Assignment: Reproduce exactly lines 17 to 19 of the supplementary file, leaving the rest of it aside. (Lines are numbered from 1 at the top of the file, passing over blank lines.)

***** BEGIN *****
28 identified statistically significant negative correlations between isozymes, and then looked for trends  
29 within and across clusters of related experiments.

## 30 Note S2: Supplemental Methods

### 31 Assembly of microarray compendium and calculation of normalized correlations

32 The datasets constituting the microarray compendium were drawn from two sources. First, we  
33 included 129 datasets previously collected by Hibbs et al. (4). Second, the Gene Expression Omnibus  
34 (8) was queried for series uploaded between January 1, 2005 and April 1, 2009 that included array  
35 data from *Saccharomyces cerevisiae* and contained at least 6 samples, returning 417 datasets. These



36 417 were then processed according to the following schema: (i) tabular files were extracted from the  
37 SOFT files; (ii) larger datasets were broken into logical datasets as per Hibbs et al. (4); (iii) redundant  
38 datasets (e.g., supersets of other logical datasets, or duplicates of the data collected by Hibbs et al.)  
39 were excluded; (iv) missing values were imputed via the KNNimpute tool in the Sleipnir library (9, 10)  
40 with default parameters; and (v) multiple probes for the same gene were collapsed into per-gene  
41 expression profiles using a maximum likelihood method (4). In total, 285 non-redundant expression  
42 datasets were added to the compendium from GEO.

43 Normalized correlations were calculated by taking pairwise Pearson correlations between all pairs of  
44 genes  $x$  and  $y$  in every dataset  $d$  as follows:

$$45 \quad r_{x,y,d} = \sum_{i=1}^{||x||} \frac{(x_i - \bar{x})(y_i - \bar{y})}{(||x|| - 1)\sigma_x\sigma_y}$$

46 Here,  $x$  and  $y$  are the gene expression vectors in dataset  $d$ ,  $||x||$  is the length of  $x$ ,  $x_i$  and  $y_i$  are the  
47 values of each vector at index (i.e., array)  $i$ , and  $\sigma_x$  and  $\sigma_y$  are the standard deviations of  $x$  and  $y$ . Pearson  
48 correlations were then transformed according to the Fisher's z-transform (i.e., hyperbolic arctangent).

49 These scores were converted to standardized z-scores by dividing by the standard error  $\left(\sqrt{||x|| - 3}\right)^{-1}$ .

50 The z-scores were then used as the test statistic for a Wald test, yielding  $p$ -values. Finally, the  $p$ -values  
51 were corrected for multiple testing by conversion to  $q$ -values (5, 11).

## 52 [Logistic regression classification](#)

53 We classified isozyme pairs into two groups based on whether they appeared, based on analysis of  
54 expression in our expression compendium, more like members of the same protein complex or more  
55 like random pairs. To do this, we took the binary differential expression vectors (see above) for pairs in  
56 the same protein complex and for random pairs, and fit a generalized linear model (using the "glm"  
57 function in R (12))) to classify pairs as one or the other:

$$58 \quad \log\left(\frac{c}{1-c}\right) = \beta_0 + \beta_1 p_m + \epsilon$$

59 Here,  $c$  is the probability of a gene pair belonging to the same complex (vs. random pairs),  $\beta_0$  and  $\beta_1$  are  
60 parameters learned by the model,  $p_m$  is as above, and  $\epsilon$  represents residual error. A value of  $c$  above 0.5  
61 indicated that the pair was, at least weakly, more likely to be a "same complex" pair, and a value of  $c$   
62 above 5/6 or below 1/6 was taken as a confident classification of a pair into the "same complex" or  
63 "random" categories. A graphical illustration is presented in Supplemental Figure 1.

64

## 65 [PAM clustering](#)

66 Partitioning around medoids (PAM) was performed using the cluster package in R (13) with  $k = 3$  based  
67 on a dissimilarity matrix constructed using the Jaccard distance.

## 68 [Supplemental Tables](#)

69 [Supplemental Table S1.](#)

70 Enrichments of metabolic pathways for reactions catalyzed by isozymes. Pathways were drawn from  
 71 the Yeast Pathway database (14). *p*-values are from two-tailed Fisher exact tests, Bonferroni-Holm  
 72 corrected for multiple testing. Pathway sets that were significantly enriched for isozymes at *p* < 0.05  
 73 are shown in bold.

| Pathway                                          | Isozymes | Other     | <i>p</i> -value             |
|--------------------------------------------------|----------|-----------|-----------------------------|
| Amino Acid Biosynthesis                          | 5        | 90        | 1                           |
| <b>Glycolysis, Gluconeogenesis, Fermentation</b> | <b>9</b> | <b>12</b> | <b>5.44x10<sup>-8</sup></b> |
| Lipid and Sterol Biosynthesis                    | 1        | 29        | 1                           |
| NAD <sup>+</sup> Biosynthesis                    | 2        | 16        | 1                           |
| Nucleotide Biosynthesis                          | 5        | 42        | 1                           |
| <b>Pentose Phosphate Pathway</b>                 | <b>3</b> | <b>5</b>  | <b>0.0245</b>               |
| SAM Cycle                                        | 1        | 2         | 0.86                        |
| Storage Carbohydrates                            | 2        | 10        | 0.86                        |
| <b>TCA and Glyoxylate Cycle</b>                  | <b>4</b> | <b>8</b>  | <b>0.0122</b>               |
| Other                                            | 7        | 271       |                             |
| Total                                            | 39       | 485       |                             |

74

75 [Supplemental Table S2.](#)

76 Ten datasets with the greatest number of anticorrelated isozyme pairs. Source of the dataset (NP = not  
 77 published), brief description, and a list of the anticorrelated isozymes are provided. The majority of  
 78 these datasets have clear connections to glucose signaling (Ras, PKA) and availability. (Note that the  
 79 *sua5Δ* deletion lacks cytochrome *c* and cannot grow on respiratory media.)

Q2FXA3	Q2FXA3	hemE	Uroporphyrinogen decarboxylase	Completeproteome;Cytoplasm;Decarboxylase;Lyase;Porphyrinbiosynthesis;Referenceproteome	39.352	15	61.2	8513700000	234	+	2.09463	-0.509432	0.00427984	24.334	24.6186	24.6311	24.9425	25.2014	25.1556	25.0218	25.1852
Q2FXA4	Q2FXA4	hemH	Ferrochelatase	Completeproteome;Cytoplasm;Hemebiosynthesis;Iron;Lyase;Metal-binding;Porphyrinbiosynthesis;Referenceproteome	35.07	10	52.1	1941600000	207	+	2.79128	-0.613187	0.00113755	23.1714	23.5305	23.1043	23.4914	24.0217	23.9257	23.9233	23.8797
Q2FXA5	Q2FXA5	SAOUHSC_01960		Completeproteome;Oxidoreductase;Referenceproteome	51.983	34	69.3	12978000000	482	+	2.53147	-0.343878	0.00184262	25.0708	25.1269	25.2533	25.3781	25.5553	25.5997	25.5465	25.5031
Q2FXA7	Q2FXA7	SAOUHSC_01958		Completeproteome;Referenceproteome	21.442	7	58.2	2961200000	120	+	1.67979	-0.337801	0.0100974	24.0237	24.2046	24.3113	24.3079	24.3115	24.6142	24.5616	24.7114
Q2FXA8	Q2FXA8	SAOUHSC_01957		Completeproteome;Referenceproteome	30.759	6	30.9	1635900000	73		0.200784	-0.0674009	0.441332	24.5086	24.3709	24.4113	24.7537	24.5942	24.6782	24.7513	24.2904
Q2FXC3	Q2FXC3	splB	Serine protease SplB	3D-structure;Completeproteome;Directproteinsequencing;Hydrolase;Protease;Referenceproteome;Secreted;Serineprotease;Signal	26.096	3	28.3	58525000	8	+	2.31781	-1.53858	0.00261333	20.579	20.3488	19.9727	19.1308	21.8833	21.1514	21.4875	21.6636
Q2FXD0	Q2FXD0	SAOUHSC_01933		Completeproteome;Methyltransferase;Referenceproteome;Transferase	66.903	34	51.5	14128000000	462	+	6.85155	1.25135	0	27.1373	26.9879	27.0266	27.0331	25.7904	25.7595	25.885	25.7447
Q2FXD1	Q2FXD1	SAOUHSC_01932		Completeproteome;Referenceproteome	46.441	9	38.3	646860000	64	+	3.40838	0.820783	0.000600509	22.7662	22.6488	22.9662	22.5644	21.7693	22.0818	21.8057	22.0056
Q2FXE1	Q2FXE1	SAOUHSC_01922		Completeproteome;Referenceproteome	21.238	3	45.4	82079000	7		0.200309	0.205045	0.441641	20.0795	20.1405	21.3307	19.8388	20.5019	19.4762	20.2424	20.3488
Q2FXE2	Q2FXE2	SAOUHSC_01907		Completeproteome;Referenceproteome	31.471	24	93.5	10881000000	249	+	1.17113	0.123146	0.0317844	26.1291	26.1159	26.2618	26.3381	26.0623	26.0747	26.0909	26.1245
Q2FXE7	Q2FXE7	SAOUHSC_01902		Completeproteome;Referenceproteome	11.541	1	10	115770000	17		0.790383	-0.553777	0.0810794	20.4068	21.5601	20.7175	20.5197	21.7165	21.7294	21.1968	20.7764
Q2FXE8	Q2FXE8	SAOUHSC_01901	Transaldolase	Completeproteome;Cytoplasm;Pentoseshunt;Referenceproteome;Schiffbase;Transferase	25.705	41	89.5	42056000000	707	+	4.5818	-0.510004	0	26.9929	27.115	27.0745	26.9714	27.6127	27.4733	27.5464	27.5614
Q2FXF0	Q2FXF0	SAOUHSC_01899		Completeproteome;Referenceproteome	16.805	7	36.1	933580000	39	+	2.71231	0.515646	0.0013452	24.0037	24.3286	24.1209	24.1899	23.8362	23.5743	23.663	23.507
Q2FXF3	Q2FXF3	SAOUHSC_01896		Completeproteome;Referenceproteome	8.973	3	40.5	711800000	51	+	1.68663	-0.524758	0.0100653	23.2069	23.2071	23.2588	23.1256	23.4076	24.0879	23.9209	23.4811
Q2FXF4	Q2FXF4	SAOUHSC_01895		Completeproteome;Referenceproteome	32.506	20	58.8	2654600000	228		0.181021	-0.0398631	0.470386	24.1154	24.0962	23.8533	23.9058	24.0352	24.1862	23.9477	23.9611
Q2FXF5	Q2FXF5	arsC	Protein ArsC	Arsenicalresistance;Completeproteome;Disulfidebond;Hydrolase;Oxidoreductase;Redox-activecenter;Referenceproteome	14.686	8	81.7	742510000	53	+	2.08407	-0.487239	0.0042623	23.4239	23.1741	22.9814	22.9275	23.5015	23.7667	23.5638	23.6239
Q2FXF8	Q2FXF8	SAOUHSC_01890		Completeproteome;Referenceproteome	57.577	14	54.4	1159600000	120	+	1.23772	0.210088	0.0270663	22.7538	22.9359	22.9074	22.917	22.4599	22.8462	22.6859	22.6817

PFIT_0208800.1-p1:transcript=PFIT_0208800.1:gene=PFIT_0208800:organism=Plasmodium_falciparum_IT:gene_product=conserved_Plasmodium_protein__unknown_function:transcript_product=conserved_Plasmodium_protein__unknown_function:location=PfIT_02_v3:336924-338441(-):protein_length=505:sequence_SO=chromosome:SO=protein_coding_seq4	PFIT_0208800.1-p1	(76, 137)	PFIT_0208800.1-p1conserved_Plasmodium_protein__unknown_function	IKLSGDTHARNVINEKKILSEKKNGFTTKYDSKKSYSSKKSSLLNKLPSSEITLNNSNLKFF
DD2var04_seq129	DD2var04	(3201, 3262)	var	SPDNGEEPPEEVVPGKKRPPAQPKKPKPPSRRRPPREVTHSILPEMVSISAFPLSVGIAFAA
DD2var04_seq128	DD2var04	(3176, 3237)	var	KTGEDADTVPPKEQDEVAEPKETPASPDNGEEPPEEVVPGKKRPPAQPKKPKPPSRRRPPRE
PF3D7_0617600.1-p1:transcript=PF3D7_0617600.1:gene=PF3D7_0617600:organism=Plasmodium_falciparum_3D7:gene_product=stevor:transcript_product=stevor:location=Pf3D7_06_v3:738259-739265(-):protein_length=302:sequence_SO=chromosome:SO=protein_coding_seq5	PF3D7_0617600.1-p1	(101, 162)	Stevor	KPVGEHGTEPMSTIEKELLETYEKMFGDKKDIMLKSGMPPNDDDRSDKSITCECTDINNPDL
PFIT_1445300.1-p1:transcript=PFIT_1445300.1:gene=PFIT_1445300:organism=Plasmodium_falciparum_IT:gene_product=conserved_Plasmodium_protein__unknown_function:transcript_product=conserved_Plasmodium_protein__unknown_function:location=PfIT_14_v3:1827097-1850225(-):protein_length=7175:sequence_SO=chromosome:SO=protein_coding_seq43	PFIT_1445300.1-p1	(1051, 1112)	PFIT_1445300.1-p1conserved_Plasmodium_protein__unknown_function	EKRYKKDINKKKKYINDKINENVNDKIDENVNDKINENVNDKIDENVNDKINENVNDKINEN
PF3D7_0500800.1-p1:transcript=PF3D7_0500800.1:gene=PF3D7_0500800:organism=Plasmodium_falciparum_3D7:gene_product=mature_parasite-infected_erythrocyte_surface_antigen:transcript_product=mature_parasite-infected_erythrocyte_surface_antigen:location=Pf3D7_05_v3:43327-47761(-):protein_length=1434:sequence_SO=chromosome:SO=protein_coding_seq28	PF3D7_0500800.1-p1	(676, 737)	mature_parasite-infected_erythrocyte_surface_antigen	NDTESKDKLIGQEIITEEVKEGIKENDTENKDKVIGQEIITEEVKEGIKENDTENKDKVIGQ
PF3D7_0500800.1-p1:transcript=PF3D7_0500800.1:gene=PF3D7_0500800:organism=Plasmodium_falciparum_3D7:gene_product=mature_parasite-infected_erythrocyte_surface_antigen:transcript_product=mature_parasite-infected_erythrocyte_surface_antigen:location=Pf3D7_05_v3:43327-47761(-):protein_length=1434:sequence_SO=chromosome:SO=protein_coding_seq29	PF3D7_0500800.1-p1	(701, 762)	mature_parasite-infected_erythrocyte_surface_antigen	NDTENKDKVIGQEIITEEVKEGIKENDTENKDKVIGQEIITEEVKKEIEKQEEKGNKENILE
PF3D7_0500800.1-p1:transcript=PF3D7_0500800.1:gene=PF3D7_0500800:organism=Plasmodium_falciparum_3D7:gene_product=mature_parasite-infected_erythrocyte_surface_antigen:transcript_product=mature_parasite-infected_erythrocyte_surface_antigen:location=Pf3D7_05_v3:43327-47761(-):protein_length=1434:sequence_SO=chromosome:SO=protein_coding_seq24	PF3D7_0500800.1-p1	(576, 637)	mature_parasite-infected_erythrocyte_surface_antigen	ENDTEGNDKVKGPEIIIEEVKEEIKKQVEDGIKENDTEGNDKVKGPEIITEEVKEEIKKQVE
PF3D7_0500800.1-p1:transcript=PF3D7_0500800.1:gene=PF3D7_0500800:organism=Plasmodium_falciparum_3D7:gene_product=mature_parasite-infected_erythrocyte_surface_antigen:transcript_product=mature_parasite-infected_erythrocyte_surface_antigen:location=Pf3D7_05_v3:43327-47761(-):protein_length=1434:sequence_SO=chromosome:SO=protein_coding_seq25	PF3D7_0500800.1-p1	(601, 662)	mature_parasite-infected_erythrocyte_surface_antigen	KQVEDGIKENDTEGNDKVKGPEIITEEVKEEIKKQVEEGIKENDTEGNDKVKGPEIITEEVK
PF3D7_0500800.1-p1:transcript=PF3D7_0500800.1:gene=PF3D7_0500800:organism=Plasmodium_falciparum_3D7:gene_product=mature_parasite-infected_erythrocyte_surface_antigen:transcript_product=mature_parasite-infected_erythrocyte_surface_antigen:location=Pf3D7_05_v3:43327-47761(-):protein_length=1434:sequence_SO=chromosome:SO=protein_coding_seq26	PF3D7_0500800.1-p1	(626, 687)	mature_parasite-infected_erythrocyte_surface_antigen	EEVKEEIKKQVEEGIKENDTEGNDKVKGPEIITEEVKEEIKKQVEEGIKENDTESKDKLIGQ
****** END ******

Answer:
44 genes  $x$  and  $y$  in every dataset  $d$  as follows:

$$45 \quad r_{x,y,d} = \sum_{i=1}^{||x||} \frac{(x_i - \bar{x})(y_i - \bar{y})}{(||x|| - 1)\sigma_x\sigma_y}$$

46 Here,  $x$  and  $y$  are the gene expression vectors in dataset  $d$ ,  $||x||$  is the length of  $x$ ,  $x_i$  and  $y_i$  are the  